During the dawning years of the new century, Oak Street’s rise to power was strengthened by the construction of several new large impressive business blocks along its length, including the massive four story Bollman block, the 31,000 square foot Vertin Department Store, and the three story Calumet State Bank. More impressive was the erection of the village’s largest and most elaborate church – the twin-spired $100,000 St. Joseph Church – at the street’s western end. These beautiful structures served as the opulent backdrop for every visitor arriving to the village – a powerful display of Red Jacket’s modern and metropolitan character. The rise from secluded mining town to great American metropolis was complete, and Oak Street was at the center of it all.

More then a century past the village’s grandest moment, Oak Street continues to provide a fading glimpse of old Calumet’s more metropolitan past. Though some of its largest buildings are long gone, there’s still a grand enough collection of old business blocks still standing along the street to impress any visitor that walks along its length still today. The sheer breadth and scope of the street defies any small town characterization, and can only be explained by the once great metropolis that once existed here. And for those wishing to take an even closer look, the old street holds a great deal more remnants of its illustrious past. Its that closer look that we’ll be taking starting tomorrow, a block by block tour of Oak Street as it exists today and as it once existed a century ago. A trip through time down Main Street Red Jacket.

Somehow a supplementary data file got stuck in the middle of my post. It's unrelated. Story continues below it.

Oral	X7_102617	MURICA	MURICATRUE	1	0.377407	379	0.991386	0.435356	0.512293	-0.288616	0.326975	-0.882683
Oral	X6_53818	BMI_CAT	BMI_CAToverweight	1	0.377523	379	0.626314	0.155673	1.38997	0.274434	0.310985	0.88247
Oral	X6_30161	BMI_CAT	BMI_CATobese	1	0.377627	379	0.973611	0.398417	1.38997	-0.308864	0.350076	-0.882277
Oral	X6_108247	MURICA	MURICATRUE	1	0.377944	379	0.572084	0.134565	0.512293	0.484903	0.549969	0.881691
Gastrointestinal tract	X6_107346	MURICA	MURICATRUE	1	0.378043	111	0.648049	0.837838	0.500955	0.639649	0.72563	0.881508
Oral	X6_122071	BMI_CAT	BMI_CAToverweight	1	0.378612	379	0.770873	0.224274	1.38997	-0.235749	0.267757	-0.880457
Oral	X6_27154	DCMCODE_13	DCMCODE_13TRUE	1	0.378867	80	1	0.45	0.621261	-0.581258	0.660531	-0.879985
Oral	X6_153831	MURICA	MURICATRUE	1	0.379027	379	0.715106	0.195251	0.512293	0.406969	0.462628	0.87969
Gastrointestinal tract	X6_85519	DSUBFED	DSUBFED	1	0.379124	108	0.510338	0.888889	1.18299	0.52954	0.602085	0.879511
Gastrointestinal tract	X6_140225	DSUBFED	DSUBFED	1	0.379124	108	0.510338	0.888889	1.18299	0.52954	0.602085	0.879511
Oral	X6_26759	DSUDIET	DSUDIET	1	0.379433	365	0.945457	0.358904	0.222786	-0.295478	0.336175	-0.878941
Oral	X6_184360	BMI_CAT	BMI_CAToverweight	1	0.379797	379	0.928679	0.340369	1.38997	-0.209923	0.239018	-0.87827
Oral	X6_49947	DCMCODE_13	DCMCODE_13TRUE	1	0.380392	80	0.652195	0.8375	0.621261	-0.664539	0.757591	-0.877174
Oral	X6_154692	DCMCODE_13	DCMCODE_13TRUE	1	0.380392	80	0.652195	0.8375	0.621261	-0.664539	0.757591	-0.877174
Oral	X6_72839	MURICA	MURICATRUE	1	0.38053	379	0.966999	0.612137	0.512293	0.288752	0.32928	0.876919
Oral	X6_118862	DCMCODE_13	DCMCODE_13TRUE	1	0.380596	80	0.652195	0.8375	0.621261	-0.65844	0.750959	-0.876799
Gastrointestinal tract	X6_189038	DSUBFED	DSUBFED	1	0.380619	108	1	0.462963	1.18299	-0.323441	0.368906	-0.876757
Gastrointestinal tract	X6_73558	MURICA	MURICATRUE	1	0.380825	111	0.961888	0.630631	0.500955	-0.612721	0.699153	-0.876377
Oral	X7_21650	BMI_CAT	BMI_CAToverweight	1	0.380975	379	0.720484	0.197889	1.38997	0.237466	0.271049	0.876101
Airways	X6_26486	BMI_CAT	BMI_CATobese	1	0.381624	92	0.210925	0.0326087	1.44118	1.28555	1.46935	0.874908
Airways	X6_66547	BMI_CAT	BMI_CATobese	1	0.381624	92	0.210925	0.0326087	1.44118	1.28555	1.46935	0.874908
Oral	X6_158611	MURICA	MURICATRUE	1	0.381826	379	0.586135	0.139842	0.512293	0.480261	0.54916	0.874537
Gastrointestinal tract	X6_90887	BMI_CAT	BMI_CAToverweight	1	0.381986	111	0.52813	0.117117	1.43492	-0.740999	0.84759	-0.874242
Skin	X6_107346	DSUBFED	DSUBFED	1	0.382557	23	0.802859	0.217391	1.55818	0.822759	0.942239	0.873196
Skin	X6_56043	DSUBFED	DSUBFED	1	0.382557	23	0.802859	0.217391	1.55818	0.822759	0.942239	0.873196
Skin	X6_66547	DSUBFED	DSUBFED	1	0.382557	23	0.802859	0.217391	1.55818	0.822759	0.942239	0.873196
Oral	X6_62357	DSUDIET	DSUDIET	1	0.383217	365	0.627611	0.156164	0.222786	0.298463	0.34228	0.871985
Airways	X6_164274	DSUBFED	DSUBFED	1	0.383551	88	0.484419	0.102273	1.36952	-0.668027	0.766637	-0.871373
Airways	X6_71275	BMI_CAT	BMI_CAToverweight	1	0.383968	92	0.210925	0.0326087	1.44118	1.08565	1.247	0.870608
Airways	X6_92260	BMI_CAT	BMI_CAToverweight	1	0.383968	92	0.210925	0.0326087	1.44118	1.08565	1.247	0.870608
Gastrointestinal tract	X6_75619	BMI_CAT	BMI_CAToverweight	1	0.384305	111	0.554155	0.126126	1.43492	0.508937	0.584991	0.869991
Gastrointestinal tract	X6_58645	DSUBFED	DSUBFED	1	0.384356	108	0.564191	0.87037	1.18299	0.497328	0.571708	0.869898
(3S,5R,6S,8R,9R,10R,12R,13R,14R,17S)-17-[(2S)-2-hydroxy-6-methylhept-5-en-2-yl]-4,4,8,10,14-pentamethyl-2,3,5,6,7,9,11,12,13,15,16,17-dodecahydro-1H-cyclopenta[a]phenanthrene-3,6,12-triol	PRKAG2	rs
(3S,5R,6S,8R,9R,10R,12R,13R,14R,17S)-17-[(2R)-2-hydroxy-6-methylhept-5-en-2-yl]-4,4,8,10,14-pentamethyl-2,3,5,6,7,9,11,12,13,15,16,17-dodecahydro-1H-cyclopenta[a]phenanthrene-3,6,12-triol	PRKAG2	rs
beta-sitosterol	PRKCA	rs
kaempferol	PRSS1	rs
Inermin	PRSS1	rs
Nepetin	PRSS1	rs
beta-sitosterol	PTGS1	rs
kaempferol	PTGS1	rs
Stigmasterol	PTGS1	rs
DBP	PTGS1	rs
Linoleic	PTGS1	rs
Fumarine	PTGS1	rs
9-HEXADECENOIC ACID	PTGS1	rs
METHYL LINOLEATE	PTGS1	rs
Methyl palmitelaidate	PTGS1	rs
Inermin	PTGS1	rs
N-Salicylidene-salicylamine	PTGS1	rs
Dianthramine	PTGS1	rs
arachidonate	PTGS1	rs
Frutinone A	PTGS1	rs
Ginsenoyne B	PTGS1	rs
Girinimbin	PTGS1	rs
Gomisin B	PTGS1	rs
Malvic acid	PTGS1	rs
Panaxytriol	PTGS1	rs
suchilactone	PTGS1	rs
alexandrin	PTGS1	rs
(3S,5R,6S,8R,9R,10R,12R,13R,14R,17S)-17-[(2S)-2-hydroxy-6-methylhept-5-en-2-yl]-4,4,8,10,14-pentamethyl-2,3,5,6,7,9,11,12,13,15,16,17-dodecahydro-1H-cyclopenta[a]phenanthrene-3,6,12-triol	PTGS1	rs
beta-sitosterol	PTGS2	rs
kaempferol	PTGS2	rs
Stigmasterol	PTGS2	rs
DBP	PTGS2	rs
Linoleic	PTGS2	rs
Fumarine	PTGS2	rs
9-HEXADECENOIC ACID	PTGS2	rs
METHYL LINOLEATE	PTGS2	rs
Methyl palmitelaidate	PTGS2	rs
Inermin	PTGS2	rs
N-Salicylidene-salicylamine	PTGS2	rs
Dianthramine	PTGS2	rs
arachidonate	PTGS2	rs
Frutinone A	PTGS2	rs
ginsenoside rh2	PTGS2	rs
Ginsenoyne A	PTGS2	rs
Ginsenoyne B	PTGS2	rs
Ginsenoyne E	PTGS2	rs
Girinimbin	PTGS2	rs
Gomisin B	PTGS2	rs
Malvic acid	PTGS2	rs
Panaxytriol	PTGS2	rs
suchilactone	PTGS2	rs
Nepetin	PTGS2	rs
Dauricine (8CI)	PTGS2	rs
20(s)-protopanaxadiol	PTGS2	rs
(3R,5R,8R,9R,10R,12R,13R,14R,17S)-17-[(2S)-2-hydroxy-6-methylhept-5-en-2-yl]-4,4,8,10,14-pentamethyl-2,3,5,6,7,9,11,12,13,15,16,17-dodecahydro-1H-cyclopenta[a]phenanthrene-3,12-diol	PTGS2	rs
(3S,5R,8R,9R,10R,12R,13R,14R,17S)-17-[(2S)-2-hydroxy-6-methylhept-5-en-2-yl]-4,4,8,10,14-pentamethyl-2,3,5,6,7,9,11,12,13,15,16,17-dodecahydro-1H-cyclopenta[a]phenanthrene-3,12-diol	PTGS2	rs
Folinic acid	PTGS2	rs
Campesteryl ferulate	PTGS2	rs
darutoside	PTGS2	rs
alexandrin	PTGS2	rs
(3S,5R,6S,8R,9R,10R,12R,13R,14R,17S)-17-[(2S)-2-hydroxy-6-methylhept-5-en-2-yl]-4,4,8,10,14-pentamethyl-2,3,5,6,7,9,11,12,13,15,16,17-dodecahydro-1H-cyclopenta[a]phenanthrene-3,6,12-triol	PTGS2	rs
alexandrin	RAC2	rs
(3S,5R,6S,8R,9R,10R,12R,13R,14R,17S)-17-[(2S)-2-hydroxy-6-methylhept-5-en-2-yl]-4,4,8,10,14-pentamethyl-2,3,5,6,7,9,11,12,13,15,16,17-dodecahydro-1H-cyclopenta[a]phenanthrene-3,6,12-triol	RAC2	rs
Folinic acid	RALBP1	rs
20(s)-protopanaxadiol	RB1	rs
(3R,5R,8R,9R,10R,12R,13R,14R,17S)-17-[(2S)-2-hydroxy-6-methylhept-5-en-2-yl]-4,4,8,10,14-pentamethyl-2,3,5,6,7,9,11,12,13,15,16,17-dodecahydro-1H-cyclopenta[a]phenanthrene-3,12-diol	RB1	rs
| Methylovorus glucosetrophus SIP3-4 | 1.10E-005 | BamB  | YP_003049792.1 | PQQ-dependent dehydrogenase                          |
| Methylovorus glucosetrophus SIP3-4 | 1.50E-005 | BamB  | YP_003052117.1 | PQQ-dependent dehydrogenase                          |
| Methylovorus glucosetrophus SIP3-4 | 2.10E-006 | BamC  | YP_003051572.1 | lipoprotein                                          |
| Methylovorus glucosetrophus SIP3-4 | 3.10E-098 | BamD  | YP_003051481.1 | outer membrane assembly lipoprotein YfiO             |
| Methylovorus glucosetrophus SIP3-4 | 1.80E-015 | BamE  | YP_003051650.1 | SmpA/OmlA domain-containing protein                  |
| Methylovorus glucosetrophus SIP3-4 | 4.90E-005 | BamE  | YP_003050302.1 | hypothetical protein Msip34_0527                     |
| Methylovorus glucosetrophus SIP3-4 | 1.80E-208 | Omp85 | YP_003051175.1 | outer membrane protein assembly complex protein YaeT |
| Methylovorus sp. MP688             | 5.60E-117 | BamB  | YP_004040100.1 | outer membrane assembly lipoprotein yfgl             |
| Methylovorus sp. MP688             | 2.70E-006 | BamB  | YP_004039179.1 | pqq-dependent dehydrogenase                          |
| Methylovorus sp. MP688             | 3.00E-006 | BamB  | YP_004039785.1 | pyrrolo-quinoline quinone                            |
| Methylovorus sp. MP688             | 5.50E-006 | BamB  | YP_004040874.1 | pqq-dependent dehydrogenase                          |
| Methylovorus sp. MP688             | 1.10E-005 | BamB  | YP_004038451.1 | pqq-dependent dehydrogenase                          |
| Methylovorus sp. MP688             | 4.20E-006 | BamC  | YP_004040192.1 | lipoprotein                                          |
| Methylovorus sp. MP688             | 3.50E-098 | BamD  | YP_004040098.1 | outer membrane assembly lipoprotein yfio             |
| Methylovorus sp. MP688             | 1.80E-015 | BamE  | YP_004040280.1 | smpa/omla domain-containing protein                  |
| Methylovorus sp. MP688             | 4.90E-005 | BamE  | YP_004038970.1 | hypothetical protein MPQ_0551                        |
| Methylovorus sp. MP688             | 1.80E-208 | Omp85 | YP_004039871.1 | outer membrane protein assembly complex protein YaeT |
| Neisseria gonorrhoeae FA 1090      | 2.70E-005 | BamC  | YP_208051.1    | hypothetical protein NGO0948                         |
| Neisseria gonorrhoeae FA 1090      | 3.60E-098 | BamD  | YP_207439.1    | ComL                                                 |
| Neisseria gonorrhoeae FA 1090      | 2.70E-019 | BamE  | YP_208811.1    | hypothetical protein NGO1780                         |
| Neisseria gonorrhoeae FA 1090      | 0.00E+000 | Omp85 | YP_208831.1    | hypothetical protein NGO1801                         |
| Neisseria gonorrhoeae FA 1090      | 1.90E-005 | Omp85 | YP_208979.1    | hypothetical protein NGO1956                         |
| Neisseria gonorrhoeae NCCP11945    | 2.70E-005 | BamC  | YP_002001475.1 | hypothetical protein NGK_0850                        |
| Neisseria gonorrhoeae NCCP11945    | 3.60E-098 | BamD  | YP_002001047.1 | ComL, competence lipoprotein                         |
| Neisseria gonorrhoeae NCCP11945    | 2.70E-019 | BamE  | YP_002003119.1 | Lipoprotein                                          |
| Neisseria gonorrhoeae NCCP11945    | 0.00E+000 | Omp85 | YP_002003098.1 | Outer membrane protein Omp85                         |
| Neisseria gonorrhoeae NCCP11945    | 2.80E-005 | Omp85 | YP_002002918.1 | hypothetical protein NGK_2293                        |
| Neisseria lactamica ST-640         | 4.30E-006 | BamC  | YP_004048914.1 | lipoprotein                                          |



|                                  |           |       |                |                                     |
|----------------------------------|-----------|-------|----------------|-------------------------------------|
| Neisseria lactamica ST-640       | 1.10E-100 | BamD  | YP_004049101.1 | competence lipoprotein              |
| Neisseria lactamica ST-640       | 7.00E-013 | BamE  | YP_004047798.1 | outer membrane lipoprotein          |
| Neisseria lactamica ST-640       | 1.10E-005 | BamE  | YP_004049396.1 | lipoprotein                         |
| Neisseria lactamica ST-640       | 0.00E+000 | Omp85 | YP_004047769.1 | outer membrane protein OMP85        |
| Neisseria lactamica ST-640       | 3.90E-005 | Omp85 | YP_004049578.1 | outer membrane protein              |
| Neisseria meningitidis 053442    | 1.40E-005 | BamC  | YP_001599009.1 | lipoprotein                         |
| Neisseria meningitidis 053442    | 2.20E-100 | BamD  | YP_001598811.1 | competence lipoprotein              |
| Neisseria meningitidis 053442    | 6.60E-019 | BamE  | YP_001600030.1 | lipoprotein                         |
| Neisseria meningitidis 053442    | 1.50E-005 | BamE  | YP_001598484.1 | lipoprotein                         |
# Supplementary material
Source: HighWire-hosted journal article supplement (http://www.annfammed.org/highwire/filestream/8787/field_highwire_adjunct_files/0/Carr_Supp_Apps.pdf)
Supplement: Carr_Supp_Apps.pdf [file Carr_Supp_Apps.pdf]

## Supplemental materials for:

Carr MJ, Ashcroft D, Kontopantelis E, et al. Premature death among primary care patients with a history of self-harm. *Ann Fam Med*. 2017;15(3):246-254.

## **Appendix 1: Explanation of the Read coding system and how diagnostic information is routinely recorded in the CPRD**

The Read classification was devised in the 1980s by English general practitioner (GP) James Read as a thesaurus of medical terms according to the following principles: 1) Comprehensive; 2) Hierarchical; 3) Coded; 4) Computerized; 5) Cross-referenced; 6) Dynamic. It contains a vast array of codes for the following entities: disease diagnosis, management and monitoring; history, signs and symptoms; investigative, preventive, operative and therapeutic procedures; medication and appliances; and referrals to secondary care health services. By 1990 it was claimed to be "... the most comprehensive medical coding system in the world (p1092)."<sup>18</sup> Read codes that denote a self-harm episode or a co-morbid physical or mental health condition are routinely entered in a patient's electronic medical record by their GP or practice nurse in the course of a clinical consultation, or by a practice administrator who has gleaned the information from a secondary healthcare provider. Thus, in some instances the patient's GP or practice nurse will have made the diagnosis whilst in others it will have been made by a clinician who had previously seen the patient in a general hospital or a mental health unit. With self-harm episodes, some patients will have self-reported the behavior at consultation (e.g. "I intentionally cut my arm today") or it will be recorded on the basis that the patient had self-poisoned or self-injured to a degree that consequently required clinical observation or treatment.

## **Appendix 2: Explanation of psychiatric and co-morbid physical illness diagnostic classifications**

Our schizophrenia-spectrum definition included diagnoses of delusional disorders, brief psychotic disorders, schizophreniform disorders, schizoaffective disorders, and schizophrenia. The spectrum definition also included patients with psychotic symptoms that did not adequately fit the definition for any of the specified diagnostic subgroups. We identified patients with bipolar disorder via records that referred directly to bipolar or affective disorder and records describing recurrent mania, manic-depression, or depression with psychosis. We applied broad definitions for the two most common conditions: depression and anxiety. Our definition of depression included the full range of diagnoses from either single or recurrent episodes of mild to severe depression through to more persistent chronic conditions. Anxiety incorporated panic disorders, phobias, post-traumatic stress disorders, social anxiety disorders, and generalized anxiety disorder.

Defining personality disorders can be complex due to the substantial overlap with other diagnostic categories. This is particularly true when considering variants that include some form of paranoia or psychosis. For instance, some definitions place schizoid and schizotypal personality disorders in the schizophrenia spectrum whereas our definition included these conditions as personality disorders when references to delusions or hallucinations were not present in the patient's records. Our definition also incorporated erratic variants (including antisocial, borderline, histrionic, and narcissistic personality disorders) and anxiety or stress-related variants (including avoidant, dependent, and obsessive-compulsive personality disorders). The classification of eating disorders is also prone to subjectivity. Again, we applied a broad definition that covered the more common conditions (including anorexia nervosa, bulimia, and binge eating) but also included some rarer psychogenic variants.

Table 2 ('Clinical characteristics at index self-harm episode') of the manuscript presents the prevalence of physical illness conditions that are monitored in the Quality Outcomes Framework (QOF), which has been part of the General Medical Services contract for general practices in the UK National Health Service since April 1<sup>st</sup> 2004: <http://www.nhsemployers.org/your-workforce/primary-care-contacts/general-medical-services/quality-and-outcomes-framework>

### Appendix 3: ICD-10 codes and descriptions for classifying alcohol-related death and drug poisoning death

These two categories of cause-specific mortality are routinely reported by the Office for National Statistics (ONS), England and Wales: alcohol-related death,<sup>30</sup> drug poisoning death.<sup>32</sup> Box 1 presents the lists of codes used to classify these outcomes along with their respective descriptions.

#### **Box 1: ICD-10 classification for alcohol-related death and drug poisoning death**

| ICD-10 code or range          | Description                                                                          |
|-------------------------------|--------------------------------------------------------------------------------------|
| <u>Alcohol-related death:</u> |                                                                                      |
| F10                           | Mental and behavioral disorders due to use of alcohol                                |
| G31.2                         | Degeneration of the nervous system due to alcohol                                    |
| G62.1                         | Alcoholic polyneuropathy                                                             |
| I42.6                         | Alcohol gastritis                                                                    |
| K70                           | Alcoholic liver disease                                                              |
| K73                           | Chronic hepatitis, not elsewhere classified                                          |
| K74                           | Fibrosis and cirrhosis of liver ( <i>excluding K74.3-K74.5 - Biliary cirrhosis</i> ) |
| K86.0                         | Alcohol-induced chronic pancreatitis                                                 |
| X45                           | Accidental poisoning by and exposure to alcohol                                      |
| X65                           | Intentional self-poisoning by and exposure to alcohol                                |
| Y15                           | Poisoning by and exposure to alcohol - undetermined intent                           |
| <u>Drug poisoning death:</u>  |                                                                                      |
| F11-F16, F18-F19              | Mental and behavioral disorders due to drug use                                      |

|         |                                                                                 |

To Be Continued…

6 comments

  1. Really looking forward to this series. Just got introduced to Oak St. this year. Decided to stay at the Michigan House for our snowmobile excursions instead of the boring, faceless, generic American Inn. So much more character and history. And I gotta say, I would not of even thought of staying there if not for this website. Your great work here positively affects the whole area in ways most people don’t even think of. Keep up the good work!
    Gator

  2. Wonder what it would cost to build a church like that today and i dont think they even do that kind of work anymore.

  3. Great, this should be real interisting to know what once was and what is today.

  4. Chicaugan Lake Jim

    Awesome! I wish tomorrow would get here today!

  5. David K (ccmodeler)

    Looking forward to the series. My mother still fondly talks of Vertins store and the thrills of shopping there. That would have been in the 1930′s.

Leave a Reply

Your email address will not be published. Required fields are marked *

*

You may use these HTML tags and attributes: <a href="" title=""> <abbr title=""> <acronym title=""> <b> <blockquote cite=""> <cite> <code> <del datetime=""> <em> <i> <q cite=""> <strike> <strong>